We are our DNA, since it is this chemical that makes all of our genetic information!
Contained in our cell nuclei, DNA is a long chain of tightly wound-up coded instructions which cells unravel, read and use to make proteins.
When cells make a certain protein, they read DNA in chunks called genes that code for a specific sequence of amino acids.
Like proteins, DNA is also a polymer, but of repeating nucleotides - these are made of a phosphate group on a sugar attached to a nitrogenous base, linking together to make the double helix.
There are four different bases, A, T, C, G, and they’re very specific about what they pair with:
Adenine with Thymine and Cytosine with Guanine
These groups are complementary base pairs, and they are joined by weak hydrogen bonds, linking the two double helix strands in the middle.
So far, we have only said that DNA codes for proteins. This is not entirely true, because there are two types!
Coding DNA are the genes that the cells read and make proteins from.
Non-coding DNA are like on-off switches for coding DNA - they control gene expression by telling the cell to use or ignore certain genes, making sure we only get the proteins we need.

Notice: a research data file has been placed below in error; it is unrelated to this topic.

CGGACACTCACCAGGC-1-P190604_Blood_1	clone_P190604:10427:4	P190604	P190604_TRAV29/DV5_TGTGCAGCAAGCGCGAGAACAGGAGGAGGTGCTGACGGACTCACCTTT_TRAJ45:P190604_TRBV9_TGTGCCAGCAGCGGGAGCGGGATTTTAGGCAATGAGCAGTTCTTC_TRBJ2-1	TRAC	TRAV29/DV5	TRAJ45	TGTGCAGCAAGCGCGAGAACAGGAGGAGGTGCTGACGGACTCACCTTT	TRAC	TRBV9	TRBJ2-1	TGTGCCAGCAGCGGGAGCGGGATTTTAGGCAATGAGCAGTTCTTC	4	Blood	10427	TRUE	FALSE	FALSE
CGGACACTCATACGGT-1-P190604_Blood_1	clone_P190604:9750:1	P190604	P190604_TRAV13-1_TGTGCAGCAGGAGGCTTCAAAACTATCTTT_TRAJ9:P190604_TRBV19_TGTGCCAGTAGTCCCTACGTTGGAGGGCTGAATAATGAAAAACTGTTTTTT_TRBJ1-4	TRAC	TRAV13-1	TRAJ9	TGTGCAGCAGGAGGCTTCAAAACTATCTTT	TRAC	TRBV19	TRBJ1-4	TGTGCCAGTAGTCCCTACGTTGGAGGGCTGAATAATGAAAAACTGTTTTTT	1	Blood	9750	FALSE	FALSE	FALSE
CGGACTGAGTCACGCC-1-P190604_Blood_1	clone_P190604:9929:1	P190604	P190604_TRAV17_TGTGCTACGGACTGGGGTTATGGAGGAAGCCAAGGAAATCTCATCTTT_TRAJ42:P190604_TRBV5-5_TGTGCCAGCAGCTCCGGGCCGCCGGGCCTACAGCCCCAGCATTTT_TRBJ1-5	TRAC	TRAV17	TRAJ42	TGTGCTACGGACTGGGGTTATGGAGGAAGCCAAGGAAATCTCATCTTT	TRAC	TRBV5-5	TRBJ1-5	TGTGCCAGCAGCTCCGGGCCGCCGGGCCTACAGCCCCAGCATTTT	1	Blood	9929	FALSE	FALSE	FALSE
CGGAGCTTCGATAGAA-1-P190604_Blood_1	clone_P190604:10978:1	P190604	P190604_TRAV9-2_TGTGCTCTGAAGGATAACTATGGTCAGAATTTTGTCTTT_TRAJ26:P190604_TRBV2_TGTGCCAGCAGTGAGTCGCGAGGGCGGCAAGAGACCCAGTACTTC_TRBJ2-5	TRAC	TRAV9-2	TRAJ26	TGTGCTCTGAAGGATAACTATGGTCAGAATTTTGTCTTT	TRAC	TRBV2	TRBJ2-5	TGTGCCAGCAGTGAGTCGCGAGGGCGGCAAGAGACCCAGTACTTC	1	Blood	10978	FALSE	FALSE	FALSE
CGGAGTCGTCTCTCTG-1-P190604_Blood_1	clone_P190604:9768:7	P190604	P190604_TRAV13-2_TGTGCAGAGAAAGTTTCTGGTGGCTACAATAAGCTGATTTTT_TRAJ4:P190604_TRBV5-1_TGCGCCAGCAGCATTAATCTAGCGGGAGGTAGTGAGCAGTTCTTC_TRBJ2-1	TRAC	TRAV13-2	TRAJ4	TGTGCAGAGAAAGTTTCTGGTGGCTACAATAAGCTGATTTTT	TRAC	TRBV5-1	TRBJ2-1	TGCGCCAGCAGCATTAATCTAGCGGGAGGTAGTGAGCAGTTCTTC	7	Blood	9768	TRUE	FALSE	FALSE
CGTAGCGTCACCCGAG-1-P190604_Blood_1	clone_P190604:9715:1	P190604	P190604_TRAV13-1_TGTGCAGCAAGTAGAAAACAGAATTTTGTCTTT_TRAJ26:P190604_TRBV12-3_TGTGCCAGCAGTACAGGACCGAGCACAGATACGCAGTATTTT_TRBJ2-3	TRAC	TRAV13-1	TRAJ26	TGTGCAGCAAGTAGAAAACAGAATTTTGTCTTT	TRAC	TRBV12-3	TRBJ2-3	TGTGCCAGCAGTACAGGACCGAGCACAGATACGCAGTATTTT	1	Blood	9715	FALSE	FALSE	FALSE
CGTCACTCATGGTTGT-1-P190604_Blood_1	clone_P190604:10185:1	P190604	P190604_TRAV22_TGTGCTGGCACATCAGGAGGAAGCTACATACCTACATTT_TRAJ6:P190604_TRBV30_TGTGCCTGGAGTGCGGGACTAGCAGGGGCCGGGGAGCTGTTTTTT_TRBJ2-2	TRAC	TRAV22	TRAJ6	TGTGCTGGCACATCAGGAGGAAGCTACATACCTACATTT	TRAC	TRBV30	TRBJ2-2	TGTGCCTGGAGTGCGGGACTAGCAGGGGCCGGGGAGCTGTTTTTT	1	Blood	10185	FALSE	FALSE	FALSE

So, to make a protein there are two stages: transcription of DNA (in the nucleus) and translation (in the cytoplasm):
The cell reads the genes to find the amino acid order - but DNA is too big to get out of the nucleus to build the protein, so it uses a messenger instead!
An enzyme temporarily breaks the weak hydrogen bonds and unzips the double helix. It then uses one side as a template to make a copy of the genes there, with this new copy being called mRNA.
mRNA travels out into the cytoplasm and carries the code to the site of protein synthesis - an organelle called a ribosome.
As the ribosome reads the mRNA, 100s to 1000s of amino acids are brought in and joined in the sequence the genes state, making the initial protein chain.
After protein synthesis, the polypeptide then folds into a specific 3D structure that makes the protein suitable for its function, such as an enzyme and its active site.
But change happens, and when the order of bases changes in our genes, we call this a mutation.
Mutations can change proteins through our DNA, but usually their function is preserved and little difference is seen in our phenotypes.
But occasionally, if enough of the coding or non-coding DNA is changed, the protein’s shape can be altered so much that it can’t do its job, like an enzyme without a working active site.
Now on to some questions!